Who Was The Notorious Jack Ketch And What Was In His Kitchen?

Jack Ketch (John Price), by unknown artist [Wikimedia Commons]

On May 31, 1718, an executioner in England got a taste of his own medicine when he was hanged at the gallows for his crimes. John Price was born in 1667 and was appointed executioner in 1714. As was customary at the time, Price went by the nickname “Jack Ketch” during his time in office.

The first executioner with the name Jack Ketch took the job in 1663 and was London’s top dispatcher for 23 years. The first Jack Ketch was known for horrendously botching executions and causing the condemned men — including Lord William Russell and James Scott, 1st Duke of Monmouth — to suffer several strokes of the sword before being beheaded. In the case of the Duke of Monmouth, after delivering five strokes with the sword, Ketch eventually resorted to cutting his head off with a knife. His career was marked by so much death and brutality that he became a bit of a bogeyman at the time, and after his death in 1686, and for about the next 200 years, his name became slang for anyone working as an executioner.

The execution of the Duke of Monmouth [public domain]

The execution of the Duke of Monmouth [public domain]

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Part of this fame and longevity was assured by the fact that the hangman character in the Italian play Pulcinella (or Punchinello), and later the popular British puppet shows Punch & Judy was named Jack Ketch. Additionally, there are Jack Ketch characters in fiction, such as Charles Dickens’ Oliver Twist and Neil Gaiman’s The Graveyard Book.

The phrase “Jack Ketch’s Kitchen” was used in the 18th and 19th centuries to describe the room in Newgate prison in which the executioner would “boil the quarters of those executed and dismembered for high treason.” A visitor to the “kitchen” once described what he witnessed there: “heads that were brought to be boiled, carried in dirty wicker baskets, and the hangmen gloating and jeering and laughing at them.” Heads and other body parts would be boiled in camphor or pitch to partially preserve them so they could be displayed as cautionary tales on London Bridge or other landmarks.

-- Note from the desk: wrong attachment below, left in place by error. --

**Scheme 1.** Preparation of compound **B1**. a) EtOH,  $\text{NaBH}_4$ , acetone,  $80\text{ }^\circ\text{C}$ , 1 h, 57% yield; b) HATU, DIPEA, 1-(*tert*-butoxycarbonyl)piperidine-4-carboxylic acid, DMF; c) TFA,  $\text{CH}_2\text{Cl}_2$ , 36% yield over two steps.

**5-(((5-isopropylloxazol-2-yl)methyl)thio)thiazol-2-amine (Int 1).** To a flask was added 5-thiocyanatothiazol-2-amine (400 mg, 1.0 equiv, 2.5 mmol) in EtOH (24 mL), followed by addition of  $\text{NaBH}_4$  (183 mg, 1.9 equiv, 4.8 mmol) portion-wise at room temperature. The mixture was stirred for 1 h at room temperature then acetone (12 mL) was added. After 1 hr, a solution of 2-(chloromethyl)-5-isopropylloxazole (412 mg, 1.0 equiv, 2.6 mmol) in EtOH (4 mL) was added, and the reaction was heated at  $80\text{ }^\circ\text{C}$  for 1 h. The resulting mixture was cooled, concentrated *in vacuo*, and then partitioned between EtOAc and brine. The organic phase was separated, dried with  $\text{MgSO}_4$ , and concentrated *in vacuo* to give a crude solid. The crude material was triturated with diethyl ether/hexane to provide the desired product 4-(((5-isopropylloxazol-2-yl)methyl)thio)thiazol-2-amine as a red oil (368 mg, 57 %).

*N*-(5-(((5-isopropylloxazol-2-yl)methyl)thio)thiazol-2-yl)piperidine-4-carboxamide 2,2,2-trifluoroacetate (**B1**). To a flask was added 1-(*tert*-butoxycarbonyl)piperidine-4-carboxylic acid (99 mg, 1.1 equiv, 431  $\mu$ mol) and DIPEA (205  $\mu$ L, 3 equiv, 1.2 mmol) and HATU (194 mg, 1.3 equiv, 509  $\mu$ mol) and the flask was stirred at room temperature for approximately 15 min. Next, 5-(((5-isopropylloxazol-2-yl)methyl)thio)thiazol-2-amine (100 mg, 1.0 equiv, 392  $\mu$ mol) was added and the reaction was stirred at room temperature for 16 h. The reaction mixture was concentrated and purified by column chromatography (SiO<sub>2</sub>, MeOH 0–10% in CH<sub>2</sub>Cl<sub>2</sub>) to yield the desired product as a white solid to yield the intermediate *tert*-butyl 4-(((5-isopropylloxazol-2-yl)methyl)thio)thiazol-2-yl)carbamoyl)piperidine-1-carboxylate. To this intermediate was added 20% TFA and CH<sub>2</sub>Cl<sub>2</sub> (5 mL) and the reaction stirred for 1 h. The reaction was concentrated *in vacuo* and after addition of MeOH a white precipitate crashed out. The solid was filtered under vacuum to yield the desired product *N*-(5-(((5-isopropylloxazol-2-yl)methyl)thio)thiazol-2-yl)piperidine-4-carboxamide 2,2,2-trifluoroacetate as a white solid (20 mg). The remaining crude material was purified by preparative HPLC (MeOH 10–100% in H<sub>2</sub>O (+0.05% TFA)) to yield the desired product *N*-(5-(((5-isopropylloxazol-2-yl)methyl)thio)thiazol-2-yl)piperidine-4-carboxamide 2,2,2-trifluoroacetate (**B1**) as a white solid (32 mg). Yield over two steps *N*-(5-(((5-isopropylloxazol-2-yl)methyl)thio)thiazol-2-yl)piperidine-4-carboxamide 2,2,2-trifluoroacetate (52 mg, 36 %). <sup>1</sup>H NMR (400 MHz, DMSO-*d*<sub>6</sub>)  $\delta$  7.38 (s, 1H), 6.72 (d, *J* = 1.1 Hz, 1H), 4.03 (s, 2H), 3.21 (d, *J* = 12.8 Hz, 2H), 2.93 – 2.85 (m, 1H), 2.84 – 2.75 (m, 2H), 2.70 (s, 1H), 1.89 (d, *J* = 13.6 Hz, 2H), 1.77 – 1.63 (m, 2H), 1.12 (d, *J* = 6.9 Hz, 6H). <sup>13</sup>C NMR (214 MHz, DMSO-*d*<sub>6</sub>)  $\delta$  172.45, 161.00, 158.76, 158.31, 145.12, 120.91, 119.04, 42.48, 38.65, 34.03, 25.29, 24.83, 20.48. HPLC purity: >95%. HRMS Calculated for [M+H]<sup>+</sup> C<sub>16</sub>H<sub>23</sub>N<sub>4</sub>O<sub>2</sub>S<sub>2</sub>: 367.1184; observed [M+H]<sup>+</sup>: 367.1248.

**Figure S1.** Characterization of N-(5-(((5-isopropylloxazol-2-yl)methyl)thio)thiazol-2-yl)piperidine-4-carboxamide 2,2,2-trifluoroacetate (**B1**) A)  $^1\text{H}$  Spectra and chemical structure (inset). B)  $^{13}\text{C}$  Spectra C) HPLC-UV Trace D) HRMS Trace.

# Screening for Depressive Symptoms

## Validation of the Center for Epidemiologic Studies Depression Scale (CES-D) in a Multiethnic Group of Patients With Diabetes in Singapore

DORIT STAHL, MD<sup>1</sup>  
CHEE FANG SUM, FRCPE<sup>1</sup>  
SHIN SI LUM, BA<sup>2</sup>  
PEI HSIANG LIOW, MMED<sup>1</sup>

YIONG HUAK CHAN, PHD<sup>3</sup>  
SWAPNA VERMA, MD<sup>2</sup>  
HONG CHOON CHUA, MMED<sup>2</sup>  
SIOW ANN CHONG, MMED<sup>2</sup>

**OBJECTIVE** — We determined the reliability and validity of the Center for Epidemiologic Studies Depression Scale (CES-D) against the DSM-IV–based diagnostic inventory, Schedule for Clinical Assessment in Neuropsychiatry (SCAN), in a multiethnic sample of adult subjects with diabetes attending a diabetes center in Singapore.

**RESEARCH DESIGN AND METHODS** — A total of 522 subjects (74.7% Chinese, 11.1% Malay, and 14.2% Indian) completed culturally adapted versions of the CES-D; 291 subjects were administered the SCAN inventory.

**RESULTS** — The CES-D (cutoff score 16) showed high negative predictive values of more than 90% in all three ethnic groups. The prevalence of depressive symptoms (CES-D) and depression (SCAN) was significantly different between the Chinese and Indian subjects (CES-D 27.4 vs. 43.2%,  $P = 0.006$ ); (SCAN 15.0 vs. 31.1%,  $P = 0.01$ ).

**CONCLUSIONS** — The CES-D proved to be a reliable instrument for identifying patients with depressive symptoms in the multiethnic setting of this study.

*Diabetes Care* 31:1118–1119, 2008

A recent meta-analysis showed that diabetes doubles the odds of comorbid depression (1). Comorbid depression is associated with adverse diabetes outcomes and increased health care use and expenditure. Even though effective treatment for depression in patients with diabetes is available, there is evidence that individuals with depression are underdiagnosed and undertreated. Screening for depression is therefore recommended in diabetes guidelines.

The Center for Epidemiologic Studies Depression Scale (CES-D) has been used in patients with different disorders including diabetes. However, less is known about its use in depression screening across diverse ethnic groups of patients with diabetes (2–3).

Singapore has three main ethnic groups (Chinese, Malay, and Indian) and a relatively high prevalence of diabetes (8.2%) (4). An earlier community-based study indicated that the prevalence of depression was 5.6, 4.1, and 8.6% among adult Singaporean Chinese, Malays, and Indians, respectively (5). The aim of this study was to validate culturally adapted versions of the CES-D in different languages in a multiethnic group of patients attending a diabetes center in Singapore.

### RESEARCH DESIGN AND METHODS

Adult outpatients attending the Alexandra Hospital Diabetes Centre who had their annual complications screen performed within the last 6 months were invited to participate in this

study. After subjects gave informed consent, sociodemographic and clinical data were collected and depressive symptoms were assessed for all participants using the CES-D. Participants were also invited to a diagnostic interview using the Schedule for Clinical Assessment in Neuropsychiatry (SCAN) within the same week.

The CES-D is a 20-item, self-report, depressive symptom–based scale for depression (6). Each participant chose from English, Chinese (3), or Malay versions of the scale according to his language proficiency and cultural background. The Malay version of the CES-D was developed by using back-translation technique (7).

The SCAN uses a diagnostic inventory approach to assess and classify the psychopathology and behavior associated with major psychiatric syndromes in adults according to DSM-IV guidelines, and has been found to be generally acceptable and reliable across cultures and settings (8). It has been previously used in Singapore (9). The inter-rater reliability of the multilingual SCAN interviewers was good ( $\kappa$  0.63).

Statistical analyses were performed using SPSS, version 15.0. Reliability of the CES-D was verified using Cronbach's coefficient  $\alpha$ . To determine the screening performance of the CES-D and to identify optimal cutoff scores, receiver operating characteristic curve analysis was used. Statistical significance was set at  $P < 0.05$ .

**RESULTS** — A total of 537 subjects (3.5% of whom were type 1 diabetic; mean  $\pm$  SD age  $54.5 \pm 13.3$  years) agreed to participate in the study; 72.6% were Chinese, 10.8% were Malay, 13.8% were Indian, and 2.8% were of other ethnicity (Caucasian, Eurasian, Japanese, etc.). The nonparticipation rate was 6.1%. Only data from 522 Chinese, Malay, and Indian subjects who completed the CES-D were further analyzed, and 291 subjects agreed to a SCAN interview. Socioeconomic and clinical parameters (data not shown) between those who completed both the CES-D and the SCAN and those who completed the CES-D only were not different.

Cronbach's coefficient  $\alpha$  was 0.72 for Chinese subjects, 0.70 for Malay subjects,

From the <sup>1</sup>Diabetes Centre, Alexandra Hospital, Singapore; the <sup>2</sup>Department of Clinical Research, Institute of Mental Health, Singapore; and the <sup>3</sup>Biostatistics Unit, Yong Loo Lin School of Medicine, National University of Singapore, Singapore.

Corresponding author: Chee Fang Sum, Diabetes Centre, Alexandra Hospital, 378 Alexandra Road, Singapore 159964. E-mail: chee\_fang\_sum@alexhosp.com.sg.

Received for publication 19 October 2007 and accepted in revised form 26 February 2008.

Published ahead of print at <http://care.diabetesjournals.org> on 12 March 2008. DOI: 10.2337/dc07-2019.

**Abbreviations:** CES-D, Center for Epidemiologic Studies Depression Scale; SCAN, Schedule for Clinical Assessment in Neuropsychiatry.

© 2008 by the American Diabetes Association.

Related: History O’Crime: Meet Lady Betty, Ireland’s “Hangwoman From Hell”

In the United Kingdom, “Jack Ketch” continues to be used as a proverbial name for death, Satan, and an executioner. And the knot on a hangman’s noose is still referred to as “Jack Ketch’s Necklace” or “Jack Ketch’s Knot.”

Unlike his predecessor, John “Jack Ketch” Price stayed relatively low-key and his career was not nearly as eventful. He did, apparently, carry a sadistic streak into his personal life when he attempted to rape a woman named Elizabeth White. White died only four days later from the horrific injuries Price inflicted on her body, but was able to describe the man who attacked her.

Related: A Look Back: Wife Killer Who Some Believed Was Jack The Ripper, Is Executed

For his crime, Price himself was condemned to the gallows in 1718, ironically becoming a hangman sentenced to be hung. After he was put to death, his corpse was reportedly hung up in an iron cage in the London district of Holloway, to rot for all to see.

Read more:

ExecutedToday.com

Slang and Its Analogues Past And Present

Grave Matters

Dirty Sexy History

London Historians’ Blog

OxfordReference.com

Main image: Jack Ketch (John Price), by unknown artist [Wikimedia Commons]